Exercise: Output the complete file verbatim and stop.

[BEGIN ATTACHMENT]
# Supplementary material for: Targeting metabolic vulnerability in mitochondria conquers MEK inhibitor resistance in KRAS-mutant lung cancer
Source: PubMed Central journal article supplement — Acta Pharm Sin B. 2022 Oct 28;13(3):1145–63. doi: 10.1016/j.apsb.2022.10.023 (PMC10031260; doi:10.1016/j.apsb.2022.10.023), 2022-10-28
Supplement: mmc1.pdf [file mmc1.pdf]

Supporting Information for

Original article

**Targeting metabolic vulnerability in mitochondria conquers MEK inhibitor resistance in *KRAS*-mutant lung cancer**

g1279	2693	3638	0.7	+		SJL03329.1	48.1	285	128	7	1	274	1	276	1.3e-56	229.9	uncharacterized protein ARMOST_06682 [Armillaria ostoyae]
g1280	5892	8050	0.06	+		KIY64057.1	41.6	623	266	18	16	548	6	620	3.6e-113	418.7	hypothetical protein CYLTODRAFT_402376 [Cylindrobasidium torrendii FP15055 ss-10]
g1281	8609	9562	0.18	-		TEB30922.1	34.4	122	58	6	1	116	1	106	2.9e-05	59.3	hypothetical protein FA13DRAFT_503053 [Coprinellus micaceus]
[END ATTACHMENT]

# Supplementary material for: Targeting metabolic vulnerability in mitochondria conquers MEK inhibitor resistance in KRAS-mutant lung cancer
Source: PubMed Central journal article supplement — Acta Pharm Sin B. 2022 Oct 28;13(3):1145–63. doi: 10.1016/j.apsb.2022.10.023 (PMC10031260; doi:10.1016/j.apsb.2022.10.023), 2022-10-28
Supplement: mmc1.pdf [file mmc1.pdf]

Supporting Information for

Original article

**Targeting metabolic vulnerability in mitochondria conquers MEK inhibitor resistance in *KRAS*-mutant lung cancer**

g1279	2693	3638	0.7	+		SJL03329.1	48.1	285	128	7	1	274	1	276	1.3e-56	229.9	uncharacterized protein ARMOST_06682 [Armillaria ostoyae]
g1280	5892	8050	0.06	+		KIY64057.1	41.6	623	266	18	16	548	6	620	3.6e-113	418.7	hypothetical protein CYLTODRAFT_402376 [Cylindrobasidium torrendii FP15055 ss-10]
g1281	8609	9562	0.18	-		TEB30922.1	34.4	122	58	6	1	116	1	106	2.9e-05	59.3	hypothetical protein FA13DRAFT_503053 [Coprinellus micaceus]